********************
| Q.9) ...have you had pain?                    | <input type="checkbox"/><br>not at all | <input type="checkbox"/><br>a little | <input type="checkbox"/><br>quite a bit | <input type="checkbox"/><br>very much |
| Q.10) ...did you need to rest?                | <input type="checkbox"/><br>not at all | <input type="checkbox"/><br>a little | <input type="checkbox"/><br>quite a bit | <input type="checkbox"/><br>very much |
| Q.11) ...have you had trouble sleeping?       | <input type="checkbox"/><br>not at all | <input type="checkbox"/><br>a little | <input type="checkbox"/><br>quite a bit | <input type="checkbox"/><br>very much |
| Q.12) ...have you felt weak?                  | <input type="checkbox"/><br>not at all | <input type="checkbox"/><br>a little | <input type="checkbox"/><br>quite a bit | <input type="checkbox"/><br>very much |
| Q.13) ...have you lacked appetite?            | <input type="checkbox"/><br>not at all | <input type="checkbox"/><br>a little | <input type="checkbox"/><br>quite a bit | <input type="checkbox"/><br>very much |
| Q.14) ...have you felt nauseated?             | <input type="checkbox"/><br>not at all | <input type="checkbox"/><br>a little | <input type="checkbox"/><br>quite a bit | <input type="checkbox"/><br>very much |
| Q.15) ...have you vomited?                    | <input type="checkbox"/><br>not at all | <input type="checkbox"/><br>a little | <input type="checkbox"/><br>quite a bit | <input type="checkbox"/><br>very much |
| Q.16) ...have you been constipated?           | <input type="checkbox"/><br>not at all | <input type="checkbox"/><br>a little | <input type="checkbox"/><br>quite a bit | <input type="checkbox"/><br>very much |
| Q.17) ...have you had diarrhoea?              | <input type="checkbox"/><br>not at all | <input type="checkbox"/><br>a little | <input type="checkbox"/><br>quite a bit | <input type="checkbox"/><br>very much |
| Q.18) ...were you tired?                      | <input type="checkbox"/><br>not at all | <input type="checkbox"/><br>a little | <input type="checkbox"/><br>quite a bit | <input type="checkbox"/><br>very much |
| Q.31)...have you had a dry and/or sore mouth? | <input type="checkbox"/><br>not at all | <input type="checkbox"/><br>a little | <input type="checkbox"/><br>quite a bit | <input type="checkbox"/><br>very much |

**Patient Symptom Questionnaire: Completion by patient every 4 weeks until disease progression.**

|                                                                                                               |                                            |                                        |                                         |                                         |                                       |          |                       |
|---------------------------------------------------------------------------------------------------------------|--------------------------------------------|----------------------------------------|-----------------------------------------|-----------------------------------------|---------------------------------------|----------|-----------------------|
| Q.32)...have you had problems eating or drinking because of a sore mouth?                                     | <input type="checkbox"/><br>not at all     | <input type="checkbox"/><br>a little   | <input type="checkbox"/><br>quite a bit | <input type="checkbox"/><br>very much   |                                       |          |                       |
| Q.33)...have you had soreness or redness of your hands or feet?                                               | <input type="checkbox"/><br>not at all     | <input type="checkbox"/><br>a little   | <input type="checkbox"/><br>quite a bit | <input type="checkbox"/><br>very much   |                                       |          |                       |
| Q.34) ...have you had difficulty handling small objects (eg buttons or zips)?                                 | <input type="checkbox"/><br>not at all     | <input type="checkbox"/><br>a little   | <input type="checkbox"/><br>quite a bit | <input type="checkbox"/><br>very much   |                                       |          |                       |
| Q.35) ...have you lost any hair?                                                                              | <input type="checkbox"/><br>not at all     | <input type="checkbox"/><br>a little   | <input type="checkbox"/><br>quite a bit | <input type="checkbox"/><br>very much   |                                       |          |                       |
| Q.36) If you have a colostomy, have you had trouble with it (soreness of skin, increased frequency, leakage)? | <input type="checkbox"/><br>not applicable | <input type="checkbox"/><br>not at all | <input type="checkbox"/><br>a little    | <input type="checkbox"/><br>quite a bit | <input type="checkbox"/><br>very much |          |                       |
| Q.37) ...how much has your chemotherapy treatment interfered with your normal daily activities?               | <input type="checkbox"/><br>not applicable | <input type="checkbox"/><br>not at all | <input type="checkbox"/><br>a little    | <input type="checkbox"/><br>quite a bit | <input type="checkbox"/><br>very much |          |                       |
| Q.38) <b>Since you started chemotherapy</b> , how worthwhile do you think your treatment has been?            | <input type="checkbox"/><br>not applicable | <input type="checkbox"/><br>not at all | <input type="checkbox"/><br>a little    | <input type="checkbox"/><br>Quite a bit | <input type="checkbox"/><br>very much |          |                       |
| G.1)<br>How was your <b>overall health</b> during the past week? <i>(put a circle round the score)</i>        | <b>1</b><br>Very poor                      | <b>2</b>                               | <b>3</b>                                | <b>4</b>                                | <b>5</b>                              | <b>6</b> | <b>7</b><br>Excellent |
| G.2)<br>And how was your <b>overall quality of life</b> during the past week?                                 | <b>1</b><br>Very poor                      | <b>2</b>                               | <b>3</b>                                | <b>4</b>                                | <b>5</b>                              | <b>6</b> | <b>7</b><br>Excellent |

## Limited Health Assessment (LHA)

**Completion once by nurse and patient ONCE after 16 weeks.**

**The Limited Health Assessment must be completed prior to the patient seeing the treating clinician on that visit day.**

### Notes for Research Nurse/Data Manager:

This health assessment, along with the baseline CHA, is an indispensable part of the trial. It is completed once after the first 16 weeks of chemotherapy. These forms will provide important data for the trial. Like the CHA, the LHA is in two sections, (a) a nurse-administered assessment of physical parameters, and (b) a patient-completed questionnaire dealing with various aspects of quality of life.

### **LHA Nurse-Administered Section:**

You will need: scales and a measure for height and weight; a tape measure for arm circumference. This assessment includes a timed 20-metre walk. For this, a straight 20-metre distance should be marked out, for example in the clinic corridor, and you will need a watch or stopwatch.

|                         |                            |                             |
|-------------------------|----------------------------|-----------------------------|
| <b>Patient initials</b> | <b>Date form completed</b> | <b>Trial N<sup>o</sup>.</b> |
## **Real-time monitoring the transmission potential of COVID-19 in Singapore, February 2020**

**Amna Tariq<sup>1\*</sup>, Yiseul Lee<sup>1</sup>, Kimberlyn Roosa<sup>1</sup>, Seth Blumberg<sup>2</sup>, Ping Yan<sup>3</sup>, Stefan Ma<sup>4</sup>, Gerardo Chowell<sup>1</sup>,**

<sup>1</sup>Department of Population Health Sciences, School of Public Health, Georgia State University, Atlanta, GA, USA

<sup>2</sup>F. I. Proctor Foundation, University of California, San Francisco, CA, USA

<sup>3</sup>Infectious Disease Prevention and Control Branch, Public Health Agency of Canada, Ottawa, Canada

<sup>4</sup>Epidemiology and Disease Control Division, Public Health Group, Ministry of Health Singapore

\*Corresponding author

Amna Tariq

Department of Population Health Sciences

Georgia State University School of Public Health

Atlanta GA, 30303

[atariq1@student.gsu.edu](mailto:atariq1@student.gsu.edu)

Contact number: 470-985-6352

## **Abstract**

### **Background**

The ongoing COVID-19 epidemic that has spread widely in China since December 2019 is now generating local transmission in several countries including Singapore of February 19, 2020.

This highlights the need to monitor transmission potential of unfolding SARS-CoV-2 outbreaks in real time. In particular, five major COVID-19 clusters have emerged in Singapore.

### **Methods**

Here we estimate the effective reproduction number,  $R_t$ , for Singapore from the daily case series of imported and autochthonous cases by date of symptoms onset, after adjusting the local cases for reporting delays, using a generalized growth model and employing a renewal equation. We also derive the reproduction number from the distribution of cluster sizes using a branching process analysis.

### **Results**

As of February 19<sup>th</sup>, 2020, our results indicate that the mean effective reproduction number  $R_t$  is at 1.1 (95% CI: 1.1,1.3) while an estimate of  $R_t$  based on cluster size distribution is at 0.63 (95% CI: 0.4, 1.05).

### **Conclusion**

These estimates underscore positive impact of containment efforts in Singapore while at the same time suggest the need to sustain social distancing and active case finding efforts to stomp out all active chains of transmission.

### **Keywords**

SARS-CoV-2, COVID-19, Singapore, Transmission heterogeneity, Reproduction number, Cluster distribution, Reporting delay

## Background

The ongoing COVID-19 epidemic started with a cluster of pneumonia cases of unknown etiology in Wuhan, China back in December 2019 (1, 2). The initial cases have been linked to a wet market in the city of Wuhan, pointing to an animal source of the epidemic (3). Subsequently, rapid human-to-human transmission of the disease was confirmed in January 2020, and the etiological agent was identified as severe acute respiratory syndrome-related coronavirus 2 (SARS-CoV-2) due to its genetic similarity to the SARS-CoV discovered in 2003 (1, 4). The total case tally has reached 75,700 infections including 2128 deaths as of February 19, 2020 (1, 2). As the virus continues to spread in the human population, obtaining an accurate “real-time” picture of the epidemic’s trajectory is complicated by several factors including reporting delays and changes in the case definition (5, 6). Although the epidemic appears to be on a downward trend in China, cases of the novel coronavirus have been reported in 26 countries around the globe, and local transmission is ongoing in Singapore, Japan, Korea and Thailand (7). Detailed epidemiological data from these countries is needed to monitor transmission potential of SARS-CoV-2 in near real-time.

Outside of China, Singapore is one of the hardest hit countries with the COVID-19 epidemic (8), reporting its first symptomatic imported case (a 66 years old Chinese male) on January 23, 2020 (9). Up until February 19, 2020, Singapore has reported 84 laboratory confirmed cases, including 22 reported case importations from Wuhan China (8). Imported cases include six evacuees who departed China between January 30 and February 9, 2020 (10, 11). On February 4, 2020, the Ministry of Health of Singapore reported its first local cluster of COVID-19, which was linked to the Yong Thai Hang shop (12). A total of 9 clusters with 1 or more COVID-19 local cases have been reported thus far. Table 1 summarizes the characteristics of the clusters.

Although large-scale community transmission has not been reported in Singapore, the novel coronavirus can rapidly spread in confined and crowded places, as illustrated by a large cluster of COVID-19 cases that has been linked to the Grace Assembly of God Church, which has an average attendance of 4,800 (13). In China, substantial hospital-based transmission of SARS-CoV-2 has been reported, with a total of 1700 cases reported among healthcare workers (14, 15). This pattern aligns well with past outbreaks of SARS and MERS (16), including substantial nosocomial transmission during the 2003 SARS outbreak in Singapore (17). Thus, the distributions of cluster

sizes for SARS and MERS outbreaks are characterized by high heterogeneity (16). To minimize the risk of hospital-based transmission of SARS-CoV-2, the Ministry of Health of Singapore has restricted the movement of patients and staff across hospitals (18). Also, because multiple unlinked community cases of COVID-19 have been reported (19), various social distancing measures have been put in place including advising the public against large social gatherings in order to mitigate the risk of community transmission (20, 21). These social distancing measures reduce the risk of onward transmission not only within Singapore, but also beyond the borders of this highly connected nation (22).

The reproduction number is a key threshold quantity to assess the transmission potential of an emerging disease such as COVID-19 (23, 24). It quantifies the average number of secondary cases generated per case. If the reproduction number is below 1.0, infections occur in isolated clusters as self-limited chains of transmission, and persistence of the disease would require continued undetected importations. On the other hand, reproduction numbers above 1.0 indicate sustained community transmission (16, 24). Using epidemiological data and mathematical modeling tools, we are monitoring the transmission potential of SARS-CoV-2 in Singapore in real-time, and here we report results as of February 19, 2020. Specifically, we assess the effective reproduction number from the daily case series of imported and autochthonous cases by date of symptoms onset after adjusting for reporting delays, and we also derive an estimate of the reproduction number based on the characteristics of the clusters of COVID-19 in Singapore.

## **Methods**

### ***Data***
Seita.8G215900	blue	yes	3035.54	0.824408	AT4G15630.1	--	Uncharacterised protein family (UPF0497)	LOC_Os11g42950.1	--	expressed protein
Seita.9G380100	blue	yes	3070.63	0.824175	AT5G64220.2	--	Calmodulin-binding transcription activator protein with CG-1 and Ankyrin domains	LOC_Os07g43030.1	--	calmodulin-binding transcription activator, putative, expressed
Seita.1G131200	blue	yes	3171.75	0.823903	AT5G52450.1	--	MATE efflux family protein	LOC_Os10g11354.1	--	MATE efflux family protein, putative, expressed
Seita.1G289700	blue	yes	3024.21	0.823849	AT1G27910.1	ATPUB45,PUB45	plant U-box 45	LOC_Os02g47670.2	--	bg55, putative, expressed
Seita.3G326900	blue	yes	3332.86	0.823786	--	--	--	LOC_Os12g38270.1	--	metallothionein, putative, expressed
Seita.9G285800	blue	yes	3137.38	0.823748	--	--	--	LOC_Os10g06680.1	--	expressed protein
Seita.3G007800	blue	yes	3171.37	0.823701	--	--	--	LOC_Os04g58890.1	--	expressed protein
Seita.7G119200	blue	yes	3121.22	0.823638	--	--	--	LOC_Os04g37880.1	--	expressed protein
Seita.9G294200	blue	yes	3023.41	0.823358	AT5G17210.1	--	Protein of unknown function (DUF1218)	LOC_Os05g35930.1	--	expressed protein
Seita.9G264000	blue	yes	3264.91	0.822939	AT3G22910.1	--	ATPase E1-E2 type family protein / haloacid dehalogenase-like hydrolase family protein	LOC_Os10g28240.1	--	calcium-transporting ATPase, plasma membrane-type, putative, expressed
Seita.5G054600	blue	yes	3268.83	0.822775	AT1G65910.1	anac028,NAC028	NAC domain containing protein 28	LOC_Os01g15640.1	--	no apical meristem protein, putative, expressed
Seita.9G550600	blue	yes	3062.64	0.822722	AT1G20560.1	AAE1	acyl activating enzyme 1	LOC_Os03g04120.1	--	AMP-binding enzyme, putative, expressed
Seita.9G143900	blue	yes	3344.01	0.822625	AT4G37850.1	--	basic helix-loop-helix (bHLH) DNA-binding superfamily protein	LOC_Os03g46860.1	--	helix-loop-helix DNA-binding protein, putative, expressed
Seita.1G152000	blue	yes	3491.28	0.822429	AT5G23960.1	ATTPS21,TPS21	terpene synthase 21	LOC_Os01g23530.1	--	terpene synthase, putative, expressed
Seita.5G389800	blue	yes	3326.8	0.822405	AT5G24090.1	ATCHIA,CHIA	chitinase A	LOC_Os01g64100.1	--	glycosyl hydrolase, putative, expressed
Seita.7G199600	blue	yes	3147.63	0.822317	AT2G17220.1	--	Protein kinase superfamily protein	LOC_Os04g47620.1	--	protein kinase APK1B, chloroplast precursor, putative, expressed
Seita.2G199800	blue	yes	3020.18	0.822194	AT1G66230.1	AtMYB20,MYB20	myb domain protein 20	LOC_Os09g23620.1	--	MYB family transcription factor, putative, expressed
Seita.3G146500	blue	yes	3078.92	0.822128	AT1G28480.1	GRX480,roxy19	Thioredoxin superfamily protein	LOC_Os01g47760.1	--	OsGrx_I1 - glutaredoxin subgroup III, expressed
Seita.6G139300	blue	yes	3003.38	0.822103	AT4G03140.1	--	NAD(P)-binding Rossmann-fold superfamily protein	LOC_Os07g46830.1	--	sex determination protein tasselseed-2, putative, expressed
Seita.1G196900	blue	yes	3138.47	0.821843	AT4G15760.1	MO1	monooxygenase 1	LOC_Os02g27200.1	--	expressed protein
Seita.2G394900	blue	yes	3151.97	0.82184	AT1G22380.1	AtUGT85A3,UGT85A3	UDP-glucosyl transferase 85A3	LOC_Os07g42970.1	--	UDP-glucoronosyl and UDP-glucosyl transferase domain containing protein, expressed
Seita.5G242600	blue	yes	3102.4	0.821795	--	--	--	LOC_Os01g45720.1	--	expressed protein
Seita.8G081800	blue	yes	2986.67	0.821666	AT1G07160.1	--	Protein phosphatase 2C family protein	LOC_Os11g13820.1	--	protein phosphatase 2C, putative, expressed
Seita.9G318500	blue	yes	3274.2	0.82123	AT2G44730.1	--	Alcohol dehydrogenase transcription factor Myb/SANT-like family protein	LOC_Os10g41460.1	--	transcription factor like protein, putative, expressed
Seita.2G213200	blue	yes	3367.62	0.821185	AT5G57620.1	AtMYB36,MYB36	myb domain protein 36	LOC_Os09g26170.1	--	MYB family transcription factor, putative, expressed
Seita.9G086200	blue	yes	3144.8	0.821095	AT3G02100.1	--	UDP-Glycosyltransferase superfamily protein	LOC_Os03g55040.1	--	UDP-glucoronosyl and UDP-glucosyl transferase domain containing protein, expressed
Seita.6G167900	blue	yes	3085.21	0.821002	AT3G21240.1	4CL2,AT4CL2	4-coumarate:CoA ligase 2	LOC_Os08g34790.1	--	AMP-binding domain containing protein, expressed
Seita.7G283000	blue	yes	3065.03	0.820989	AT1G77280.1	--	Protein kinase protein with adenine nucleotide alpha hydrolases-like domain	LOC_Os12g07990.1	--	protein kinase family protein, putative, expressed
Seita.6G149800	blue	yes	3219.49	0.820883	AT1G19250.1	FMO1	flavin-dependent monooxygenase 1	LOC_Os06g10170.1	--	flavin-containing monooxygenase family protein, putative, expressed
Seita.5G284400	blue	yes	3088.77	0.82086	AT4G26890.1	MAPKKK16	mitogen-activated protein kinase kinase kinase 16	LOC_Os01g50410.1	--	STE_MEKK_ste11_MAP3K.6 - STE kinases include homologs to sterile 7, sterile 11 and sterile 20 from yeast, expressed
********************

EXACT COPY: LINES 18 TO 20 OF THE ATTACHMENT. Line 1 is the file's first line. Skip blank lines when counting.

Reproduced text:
| Q.35) ...have you lost any hair?                                                                              | <input type="checkbox"/><br>not at all     | <input type="checkbox"/><br>a little   | <input type="checkbox"/><br>quite a bit | <input type="checkbox"/><br>very much   |                                       |          |                       |
| Q.36) If you have a colostomy, have you had trouble with it (soreness of skin, increased frequency, leakage)? | <input type="checkbox"/><br>not applicable | <input type="checkbox"/><br>not at all | <input type="checkbox"/><br>a little    | <input type="checkbox"/><br>quite a bit | <input type="checkbox"/><br>very much |          |                       |
| Q.37) ...how much has your chemotherapy treatment interfered with your normal daily activities?               | <input type="checkbox"/><br>not applicable | <input type="checkbox"/><br>not at all | <input type="checkbox"/><br>a little    | <input type="checkbox"/><br>quite a bit | <input type="checkbox"/><br>very much |          |                       |